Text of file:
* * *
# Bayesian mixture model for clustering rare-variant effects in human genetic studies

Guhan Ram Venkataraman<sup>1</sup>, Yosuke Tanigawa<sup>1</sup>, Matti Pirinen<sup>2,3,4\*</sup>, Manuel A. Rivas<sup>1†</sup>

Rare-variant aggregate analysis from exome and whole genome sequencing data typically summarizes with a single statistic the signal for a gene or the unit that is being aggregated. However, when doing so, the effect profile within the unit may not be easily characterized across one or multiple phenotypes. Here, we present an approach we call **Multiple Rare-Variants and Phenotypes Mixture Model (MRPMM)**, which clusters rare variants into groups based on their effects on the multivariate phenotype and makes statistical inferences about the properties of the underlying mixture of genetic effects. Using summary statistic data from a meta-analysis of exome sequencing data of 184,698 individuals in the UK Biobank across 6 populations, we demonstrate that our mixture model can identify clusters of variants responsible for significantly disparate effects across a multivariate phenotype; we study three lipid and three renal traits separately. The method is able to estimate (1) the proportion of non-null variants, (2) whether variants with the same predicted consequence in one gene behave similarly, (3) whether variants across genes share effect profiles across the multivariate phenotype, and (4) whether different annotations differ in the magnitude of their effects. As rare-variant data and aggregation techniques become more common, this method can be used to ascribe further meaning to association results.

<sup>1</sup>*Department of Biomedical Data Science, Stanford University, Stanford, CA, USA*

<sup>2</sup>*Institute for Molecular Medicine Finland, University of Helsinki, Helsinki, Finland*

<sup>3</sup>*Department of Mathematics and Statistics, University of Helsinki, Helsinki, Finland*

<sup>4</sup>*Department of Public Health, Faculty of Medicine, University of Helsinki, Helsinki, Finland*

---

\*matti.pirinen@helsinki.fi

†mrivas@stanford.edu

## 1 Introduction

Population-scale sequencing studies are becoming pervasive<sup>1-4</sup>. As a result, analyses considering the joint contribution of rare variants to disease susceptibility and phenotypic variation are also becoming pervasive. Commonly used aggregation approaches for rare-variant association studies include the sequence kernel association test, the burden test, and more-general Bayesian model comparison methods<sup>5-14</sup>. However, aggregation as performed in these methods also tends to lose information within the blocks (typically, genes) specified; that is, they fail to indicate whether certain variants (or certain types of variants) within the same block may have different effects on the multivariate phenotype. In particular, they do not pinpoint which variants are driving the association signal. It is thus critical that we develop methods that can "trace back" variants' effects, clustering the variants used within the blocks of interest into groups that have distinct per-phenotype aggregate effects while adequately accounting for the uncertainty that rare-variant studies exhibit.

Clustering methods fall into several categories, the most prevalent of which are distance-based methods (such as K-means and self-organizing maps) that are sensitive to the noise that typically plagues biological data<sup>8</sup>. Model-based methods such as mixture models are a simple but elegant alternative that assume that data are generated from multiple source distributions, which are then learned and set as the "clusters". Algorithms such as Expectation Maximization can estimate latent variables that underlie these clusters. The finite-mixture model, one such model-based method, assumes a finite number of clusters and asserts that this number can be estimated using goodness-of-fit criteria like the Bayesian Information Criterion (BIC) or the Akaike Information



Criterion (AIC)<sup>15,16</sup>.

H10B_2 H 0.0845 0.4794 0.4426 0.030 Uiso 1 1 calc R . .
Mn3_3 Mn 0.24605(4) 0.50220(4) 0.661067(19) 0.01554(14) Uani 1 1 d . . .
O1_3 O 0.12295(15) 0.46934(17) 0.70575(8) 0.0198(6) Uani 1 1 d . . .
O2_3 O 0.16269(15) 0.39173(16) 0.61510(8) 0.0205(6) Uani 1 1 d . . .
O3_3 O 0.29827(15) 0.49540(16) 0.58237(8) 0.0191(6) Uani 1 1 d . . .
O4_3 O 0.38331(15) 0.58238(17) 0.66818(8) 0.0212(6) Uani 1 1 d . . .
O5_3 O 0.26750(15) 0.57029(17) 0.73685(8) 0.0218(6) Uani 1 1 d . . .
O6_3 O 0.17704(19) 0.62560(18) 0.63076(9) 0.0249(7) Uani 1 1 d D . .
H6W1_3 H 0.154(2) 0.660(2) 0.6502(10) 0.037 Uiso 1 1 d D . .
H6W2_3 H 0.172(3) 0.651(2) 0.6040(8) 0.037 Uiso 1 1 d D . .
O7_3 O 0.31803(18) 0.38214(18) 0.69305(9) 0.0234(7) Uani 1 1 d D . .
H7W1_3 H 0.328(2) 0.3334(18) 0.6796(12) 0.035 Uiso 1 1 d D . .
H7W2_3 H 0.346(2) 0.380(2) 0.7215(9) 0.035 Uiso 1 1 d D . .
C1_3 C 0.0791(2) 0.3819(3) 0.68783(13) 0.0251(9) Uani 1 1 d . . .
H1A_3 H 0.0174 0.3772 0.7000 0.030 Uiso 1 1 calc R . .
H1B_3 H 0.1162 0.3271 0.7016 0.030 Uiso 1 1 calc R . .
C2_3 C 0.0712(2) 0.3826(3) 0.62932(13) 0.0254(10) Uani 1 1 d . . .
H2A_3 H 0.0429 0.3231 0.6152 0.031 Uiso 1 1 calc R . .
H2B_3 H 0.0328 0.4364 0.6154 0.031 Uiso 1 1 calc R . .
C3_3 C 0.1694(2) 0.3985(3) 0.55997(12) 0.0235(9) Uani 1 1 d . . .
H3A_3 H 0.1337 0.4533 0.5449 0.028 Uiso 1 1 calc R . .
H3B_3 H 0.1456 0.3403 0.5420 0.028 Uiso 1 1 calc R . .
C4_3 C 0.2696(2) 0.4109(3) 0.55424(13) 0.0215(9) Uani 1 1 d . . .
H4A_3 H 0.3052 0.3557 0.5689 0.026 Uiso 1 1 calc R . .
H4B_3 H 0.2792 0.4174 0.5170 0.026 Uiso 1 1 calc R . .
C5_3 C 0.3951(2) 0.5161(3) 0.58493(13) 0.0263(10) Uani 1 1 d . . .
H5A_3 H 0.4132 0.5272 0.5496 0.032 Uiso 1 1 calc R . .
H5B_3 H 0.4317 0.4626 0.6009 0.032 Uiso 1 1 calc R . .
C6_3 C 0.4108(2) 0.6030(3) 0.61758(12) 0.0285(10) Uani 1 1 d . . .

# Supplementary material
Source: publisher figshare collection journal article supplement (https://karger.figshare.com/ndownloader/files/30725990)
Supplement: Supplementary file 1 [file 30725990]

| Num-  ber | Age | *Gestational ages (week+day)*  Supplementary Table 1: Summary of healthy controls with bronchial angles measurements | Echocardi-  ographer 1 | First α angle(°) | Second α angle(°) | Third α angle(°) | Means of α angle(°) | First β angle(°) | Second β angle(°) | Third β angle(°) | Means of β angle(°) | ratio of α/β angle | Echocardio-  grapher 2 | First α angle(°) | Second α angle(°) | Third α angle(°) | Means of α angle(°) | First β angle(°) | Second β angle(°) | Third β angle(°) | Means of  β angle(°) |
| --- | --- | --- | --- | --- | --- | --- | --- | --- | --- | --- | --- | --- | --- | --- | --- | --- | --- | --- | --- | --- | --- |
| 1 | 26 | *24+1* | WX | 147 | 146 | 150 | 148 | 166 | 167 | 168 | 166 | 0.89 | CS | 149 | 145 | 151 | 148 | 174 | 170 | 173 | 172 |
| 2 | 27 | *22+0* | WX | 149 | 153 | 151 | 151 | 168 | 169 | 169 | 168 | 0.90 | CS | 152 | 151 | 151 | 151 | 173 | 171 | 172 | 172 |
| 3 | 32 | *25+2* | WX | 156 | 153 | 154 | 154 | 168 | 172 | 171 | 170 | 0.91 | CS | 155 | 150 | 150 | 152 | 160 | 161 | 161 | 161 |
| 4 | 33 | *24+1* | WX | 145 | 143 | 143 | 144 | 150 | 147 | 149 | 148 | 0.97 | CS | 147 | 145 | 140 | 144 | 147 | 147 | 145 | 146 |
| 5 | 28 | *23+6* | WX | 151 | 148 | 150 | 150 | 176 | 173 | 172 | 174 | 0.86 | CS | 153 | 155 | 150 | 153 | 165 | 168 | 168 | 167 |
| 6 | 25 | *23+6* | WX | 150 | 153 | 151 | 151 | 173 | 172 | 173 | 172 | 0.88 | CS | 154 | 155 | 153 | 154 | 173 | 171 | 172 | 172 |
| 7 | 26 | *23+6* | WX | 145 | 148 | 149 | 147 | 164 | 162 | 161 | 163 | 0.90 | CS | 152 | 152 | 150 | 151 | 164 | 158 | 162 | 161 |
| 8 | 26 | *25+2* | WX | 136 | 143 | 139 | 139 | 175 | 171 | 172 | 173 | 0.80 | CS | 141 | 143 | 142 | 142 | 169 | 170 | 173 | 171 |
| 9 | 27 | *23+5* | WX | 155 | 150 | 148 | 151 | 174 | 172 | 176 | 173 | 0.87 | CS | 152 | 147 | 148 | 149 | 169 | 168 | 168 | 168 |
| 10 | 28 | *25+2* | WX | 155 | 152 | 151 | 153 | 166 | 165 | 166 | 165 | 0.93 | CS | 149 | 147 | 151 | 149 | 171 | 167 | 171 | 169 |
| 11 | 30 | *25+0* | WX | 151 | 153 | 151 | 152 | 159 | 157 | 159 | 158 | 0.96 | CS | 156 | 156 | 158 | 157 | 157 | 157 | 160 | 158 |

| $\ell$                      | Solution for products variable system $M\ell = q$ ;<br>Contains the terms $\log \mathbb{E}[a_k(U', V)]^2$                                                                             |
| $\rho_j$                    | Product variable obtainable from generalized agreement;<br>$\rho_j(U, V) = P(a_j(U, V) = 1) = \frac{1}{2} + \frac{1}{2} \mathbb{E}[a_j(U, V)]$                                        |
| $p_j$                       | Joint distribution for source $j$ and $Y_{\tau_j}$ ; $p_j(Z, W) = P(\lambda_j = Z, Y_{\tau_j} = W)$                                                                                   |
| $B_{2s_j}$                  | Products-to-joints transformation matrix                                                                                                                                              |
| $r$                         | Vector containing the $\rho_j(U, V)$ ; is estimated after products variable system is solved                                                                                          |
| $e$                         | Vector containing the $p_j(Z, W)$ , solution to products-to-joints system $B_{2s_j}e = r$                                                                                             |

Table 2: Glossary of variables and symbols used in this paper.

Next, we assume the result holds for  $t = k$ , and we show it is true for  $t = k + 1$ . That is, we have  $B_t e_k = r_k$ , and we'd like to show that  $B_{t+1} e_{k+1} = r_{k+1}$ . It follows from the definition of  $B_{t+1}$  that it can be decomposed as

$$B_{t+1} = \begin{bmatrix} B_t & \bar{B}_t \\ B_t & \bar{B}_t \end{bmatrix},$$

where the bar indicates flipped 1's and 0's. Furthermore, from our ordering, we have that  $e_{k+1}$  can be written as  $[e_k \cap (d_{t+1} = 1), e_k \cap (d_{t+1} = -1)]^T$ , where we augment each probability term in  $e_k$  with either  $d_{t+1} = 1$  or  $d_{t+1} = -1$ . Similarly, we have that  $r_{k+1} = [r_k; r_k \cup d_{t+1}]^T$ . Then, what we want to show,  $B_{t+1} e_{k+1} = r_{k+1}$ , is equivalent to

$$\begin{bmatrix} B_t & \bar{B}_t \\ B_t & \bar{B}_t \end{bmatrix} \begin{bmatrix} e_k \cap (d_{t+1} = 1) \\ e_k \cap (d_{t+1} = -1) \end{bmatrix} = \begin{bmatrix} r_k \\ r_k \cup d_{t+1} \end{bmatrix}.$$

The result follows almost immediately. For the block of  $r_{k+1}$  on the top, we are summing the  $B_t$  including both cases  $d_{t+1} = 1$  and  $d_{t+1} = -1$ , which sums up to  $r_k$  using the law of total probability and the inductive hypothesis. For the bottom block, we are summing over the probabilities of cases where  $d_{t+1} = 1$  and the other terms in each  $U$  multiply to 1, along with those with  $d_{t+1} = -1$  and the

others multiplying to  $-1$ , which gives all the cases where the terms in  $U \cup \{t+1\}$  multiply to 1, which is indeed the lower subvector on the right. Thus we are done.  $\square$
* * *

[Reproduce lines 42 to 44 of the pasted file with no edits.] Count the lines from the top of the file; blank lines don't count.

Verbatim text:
H5B_3 H 0.4317 0.4626 0.6009 0.032 Uiso 1 1 calc R . .
C6_3 C 0.4108(2) 0.6030(3) 0.61758(12) 0.0285(10) Uani 1 1 d . . .

# Supplementary material